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The Polar Vortex has brought cold weather much further south than normal, and while it isn’t the first time it has happened, it does not happen often. Even a small amount of snow and ice can wreak havoc on southern states that are ill prepared for hazardous travel conditions. In addition, cold weather in regions that typically depend on its easy winters to grow citrus and other fruits can cause millions of dollars in damage to crops and orchards. That, of course, affects prices in the north.
Scientists say that it is possible that the warming trends of the Earth have created atmospheric conditions that have pushed the Polar Vortex from its rightful place at the poles. However, while Tom agrees that the Earth is warming, and that is causing some “enhanced” precipitation and warm/cold extremes, he is not sure the change in climate is responsible for the vortex moving south.
“There is so much variability to the cycles of daily climate,” notes Tom. “There are so many different patterns, and we’ve seen one of them this winter.”
Tom points out that it isn’t even that we have had record breaking lows this winter, but rather it is the persistence of the deep cold that is the anomaly here. Our average temperatures are about six degrees below normal this month and while Tom says that is substantial, it is not one of the top five coldest winters.
But it one of the top five snowiest. This February has been the third snowiest on record, according to Tom.
“We have had winters with this amount before,” says Tom. “Winters in the 90’s gave us upwards of sixty one inches of snow. While this may be a far cry from winters in recent memory, this has happened before.” Those who enjoy winter sports that require a great deal of snow are elated. There has been many a winter when the snowmobiles stayed parked in the garage or the ski resorts had to shut down early because of melting base snow and overnight lows above freezing. This winter is definitely not the case. By this time of year, however, the winter blues have set in for most people, and spring is being anxiously awaited. Heating bills are high for long periods of time, municipalities have exhausted their salt budgets, the grey skies do little to warm the heart and most people leave their house very little –unless it is to go pick up the week’s bread and milk on the eve of the next blizzard warning.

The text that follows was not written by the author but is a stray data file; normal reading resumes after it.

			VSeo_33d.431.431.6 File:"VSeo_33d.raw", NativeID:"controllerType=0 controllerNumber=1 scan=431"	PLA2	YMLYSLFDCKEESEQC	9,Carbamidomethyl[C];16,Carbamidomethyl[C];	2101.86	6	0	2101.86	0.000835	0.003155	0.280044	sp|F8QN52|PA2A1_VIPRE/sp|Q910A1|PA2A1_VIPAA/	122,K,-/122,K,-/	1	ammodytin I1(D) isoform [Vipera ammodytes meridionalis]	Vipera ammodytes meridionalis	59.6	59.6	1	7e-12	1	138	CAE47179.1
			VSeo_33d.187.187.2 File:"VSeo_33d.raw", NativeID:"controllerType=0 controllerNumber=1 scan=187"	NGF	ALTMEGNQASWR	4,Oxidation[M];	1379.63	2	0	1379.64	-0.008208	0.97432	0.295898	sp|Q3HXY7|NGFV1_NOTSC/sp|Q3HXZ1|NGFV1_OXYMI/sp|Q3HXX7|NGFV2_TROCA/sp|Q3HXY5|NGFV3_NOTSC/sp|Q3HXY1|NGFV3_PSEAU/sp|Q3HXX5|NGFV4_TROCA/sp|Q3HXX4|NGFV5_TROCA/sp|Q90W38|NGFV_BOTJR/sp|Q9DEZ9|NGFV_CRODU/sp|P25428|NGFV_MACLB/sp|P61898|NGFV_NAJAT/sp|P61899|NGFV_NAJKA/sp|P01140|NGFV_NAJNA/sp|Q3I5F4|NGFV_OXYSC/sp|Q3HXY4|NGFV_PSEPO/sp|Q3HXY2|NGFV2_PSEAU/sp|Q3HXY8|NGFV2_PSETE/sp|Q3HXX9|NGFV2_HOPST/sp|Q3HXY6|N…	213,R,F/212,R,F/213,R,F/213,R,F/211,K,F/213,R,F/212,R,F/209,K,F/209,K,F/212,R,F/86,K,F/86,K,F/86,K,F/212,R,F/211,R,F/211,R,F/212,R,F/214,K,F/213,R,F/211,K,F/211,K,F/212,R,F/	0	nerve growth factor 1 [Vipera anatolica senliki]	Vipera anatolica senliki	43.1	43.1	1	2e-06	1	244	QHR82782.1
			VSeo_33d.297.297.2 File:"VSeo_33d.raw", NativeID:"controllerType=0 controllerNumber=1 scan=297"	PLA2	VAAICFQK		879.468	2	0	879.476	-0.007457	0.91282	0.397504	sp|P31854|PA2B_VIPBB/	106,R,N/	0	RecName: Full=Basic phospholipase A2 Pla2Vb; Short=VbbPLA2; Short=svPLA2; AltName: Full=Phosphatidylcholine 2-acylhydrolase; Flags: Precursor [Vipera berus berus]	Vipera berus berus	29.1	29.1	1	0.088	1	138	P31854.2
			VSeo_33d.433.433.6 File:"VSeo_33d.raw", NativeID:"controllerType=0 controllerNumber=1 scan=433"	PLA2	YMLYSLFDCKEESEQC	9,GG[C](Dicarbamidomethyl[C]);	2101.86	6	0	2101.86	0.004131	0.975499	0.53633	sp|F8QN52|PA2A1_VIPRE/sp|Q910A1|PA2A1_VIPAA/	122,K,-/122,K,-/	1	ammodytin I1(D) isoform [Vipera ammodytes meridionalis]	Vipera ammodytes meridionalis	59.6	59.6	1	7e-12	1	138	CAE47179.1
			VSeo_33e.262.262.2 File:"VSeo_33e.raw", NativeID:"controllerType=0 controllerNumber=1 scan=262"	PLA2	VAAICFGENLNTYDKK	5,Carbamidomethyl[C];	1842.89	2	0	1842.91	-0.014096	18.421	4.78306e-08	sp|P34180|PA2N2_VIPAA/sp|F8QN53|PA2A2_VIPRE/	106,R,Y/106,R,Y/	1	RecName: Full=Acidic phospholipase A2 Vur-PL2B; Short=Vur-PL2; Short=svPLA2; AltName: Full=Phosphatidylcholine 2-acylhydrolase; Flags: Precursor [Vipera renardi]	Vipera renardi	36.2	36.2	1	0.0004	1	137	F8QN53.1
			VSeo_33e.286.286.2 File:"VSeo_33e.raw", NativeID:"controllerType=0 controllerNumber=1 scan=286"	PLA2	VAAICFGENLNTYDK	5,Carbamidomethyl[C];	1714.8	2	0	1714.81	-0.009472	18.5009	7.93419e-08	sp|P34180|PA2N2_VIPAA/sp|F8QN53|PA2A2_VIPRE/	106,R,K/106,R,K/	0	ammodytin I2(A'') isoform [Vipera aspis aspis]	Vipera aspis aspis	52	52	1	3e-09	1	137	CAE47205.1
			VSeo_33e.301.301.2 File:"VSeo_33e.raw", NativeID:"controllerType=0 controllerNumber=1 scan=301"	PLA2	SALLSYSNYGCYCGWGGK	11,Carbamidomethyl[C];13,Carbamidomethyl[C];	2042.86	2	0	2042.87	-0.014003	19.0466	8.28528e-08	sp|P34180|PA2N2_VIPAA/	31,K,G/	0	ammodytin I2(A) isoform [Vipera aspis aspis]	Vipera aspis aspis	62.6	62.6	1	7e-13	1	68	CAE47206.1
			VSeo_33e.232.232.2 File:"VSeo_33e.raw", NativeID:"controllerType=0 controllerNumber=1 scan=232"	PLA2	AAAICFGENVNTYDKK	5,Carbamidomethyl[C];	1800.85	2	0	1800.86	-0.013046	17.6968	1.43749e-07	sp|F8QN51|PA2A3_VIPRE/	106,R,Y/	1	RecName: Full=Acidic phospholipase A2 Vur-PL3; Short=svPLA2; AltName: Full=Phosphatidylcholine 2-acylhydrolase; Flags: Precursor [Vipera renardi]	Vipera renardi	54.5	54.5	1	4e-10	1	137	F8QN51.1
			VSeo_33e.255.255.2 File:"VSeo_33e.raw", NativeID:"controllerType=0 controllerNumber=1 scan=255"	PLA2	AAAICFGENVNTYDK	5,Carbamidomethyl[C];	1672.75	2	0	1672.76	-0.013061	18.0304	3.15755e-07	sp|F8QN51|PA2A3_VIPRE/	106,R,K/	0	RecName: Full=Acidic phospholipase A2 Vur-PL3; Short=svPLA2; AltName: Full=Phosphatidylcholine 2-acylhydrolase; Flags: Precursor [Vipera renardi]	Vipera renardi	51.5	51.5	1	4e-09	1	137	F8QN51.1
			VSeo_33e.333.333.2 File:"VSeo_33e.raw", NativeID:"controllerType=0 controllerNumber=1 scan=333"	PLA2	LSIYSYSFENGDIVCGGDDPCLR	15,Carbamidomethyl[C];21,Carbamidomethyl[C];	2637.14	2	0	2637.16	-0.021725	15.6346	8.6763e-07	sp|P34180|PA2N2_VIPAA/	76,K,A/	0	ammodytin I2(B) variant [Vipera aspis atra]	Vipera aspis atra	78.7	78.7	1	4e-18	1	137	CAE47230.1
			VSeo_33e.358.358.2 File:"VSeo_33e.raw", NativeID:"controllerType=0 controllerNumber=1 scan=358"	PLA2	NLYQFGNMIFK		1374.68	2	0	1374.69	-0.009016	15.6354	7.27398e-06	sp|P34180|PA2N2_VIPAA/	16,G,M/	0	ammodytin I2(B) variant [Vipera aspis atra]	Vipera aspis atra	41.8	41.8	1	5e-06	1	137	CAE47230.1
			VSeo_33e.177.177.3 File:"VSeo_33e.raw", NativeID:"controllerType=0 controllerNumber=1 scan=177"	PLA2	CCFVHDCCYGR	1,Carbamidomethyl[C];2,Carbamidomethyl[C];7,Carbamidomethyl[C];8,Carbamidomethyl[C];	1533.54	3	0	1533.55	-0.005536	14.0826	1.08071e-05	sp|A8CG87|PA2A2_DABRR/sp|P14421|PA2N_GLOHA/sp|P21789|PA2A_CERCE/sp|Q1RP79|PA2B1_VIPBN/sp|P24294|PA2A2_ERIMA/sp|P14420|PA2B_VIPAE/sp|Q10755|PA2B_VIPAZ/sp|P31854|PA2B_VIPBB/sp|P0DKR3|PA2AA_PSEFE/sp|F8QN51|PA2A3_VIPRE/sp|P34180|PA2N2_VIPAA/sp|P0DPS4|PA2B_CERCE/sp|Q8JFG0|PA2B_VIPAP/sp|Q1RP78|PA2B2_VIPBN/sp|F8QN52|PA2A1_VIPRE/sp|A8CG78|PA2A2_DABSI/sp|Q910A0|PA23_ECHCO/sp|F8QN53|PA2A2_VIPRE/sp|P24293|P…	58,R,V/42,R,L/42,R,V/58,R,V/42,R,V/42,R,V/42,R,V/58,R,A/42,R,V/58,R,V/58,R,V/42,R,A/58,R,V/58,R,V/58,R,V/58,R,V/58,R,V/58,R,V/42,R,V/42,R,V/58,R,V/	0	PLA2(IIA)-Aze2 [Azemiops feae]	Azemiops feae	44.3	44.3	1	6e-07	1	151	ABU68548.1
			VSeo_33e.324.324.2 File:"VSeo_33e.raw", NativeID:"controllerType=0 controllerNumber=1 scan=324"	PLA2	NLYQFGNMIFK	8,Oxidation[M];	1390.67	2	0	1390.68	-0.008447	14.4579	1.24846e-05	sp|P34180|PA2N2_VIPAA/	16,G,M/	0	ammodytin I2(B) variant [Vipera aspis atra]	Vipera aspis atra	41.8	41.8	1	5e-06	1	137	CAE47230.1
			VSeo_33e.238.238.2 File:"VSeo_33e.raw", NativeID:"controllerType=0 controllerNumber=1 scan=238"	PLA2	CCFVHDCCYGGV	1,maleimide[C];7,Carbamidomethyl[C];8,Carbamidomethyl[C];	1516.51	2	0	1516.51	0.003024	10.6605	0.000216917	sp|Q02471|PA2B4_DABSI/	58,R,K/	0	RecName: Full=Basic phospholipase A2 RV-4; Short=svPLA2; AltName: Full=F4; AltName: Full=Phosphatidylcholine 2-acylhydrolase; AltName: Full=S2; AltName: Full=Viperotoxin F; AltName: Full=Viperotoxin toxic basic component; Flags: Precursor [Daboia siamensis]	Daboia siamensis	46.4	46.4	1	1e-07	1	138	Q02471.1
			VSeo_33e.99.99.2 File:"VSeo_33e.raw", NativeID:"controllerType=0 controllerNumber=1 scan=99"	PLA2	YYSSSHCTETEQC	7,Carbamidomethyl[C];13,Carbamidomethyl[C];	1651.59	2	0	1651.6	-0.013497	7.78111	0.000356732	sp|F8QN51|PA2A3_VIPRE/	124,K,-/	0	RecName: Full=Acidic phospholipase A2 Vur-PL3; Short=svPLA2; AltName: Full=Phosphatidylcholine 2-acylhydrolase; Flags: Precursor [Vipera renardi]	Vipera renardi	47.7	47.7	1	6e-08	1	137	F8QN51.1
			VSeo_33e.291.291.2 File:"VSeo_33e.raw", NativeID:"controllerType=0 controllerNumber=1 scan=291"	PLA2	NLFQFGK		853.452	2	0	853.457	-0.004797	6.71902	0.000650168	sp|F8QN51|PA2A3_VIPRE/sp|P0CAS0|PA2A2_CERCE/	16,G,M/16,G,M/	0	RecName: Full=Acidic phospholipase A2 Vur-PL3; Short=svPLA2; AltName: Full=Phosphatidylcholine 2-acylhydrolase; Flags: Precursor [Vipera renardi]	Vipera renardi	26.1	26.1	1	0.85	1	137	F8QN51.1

But there are pros to the situation. There has not been this prosperous of a ski season in recent memory. The cold, brisk air is humidity free and as pure as it can get, the beautiful blue sky after a snowfall is wondrous to behold, as is the quiet, soundproof blanket that covers the landscape. The deep snow offers protection from the cold temperatures for perennials and early spring bulbs and root systems, and the long periods of below freezing temperatures can rid the area of pests such as fleas, ticks and other insects.
And it will end. Cold and snow are annual players in the four-season dance of Mother Nature.
Tom adds that for those counting the days until Spring or Summer, there is no real indication right now. that there will be a hot, cool, wet or dry summer.
“Just because we are having this kind of weather now does not mean it is going to be a miserable summer,” says Tom. “There is no real mathematical modeling to predict that far in advance.”
So, as you watch the forecasted high temperatures tumble back into the teens and twenties, just know that there is a natural purpose for this weather –and that purpose has nothing to do with morning commutes, shoveling walkways or school delays. Then, when the time comes, and you finally see the first Crocuses of Spring, you can thank the snow for protecting them.